History of Hypnotherapy
A Brief History of Hypnotherapy
Though practitioners haven’t always understood how it works, studies by respected and peer-reviewed publications such as the International Journal of Clinical and Experimental Hypnosis and the Journal of the National Cancer Institute and Health Psychology show that hypnosis can measurably improve outcomes for many different types of therapies. While hypnotherapy and hypnosis are largely considered a more new-age treatment for a variety of medical and emotional conditions, the truth is that this practice has deep roots and has been around for thousands of years. In fact, there is evidence suggesting that hypnosis has existed since the beginning of recorded history through the practice wasn’t termed hypnotism until around 1841.
While hypnosis hasn’t always been understood in the same way that it is today, the practice is recognizable throughout history. Ancient Hindus, for example, would induce something they called temple sleep which was a type of self-induced hypnosis brought on by meditation to heal various ailments. The first known written indicator of the practice was in a 1027 publication called The Book of Healing. More religious practitioners in countries such as Austria and Ireland associated hypnosis with prayer, and it was a part of many spiritual ceremonies, leading to its supernatural mystique.
An Evolving Practice
By the late 1700s, hypnotherapy had moved away from mysticism and into the scientific realm. The practice was closely associated with the study of magnetic forces for treating ailments and was, for a time, actually called animal magnetism. By the early 1800s, however, some scientific minds were starting to discern the fact that the process worked even without the use of magnets. In fact, a priest named Abbe Faria created quite a stir by publicly demonstrating his ability to alter someone’s state of mind with just technique and the cooperation of his subject.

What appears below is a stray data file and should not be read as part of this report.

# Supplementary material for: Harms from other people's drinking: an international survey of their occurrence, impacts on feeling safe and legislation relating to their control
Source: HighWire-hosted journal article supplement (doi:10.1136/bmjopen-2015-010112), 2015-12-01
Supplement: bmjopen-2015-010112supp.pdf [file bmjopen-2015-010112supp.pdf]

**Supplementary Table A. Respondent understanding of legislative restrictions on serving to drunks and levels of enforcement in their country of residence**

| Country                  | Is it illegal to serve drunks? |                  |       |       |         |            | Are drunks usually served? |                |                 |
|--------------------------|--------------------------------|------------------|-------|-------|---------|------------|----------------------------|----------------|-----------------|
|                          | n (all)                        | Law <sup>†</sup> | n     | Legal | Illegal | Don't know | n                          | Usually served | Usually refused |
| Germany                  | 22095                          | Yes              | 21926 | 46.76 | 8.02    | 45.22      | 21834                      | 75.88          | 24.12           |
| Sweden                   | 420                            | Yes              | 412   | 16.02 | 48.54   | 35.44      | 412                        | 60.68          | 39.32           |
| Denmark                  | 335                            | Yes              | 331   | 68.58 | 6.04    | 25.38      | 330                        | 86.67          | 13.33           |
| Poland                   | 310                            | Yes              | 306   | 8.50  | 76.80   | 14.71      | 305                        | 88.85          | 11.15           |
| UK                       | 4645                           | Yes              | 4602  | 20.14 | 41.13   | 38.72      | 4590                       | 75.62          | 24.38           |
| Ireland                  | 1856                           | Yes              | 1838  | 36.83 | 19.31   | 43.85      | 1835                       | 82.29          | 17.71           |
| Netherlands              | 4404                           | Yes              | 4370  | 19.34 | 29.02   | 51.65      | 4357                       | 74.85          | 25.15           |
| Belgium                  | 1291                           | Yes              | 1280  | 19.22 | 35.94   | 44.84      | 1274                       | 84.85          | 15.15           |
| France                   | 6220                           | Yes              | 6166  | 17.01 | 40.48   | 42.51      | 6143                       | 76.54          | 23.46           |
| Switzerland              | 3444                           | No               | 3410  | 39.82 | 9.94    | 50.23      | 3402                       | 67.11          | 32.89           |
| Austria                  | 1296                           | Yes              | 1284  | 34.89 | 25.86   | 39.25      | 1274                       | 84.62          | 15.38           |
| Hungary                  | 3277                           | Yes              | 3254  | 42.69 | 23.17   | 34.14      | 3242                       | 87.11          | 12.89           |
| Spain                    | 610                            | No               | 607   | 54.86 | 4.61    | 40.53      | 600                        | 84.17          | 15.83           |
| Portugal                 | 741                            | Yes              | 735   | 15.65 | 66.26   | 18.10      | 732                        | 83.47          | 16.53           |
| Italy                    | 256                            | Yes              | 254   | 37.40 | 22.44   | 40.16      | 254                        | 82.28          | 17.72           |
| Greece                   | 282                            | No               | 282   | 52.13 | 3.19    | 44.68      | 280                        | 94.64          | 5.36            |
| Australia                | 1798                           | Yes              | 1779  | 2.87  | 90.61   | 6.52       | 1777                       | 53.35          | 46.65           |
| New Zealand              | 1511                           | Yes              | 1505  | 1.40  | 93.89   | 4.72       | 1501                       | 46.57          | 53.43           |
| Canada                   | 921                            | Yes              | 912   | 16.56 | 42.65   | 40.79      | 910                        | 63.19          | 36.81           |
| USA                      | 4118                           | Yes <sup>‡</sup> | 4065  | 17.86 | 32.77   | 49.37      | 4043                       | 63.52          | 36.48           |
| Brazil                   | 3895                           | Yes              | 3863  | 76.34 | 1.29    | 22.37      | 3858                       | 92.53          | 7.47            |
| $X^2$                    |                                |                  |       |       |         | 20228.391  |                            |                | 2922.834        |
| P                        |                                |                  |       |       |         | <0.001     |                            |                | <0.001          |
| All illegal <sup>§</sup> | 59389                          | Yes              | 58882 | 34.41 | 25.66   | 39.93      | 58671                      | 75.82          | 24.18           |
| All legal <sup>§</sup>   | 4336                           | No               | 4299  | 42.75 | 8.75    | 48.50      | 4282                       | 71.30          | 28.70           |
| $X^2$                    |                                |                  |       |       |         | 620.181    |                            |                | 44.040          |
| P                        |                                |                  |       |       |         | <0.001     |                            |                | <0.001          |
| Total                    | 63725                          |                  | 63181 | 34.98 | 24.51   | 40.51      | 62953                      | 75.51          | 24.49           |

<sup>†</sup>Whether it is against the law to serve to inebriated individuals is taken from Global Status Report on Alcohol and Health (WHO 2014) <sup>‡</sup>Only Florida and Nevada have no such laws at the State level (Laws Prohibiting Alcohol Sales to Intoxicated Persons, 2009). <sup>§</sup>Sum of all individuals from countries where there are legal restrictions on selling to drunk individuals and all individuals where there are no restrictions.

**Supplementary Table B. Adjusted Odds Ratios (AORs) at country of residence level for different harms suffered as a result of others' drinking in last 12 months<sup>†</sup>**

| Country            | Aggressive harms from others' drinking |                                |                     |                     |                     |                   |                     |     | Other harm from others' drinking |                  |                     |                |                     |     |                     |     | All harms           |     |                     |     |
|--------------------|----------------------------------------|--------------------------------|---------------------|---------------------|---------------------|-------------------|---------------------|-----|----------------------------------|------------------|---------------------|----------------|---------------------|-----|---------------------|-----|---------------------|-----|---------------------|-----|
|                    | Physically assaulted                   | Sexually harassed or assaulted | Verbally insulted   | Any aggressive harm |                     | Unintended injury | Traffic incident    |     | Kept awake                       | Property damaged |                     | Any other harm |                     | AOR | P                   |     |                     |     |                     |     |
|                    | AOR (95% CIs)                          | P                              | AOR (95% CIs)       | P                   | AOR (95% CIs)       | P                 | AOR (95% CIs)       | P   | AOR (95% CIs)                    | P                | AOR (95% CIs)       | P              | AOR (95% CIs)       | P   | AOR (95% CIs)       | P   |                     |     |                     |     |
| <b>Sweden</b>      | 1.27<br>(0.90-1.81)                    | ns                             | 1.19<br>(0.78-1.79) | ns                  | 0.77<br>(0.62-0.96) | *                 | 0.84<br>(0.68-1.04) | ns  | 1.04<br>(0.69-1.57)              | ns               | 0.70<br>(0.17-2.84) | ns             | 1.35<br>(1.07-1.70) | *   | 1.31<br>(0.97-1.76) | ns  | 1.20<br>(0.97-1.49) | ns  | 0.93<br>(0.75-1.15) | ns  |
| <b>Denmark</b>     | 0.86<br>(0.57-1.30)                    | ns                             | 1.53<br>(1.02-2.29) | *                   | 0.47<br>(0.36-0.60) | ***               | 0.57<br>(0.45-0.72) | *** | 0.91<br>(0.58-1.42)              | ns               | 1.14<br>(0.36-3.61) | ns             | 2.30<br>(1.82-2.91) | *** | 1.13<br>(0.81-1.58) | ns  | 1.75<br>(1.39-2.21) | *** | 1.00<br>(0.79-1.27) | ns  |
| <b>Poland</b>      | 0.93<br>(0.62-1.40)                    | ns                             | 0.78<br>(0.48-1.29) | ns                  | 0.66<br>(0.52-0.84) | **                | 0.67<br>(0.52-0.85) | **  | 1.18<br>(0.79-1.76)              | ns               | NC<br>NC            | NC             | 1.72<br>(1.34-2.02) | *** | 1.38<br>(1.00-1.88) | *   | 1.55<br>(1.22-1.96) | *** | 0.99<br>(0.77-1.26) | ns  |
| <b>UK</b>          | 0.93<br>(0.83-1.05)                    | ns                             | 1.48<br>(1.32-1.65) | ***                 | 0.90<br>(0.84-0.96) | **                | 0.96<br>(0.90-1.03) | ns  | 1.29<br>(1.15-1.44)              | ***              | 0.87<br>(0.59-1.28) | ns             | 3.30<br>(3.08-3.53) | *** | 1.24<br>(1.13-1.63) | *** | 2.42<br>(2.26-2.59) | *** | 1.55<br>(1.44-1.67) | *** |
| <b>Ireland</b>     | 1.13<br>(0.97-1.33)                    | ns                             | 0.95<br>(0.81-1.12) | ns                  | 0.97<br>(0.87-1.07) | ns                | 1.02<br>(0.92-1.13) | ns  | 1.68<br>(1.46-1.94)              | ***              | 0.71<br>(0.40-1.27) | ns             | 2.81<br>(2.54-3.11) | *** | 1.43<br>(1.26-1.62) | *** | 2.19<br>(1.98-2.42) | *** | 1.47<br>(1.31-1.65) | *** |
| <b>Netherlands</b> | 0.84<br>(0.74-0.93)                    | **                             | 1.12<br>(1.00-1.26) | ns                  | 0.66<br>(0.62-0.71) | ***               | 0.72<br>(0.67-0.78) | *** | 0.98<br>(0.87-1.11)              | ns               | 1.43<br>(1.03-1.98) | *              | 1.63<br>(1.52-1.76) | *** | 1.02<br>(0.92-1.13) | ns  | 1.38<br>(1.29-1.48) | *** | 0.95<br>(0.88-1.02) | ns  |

The history of Faria’s discoveries
Just a few years later, Faria’s discoveries allowed physicians to successfully use the principles of hypnotism as a viable form of anesthesia for major surgeries. Still, scientists were skeptical, and it was widely misunderstood how and why this worked. Also, a wide variety of critics were put off by the seeming lack of control that accompanied hypnosis, and by the Civil War period in the 1860s, there was greater access to more reliable anesthesia such as chloroform. At this point in history, the practice switched from a medical phenomenon to a principle of psychology, with hypnosis used more frequently to treat mental health conditions. By the late 1800s, The First International Congress for Experimental and Therapeutic Hypnotism was populated almost entirely by scientists who studied the human mind such as Sigmund Freud.
Today, hypnotherapy is used to treat a variety of disorders, including depression, anxiety, addictions, and PTSD. Unlike the past, hypnosis is understood and integrated into modern medical technology. In some ways, the practice has come full circle as it is now used to enhance anaesthesia as well as directly treat both physical and mental conditions. Many countries regulate hypnotherapy in the same way that they do other types of medicine, and doctors will often recommend these types of ‘alternative’ treatments.
Most people associate hypnotherapy with stage tricks and dramatic shows, but it’s clear that there have always been serious applications for this little-understood science and that there is more evidence than ever that it is a safe and effective field of medical study.
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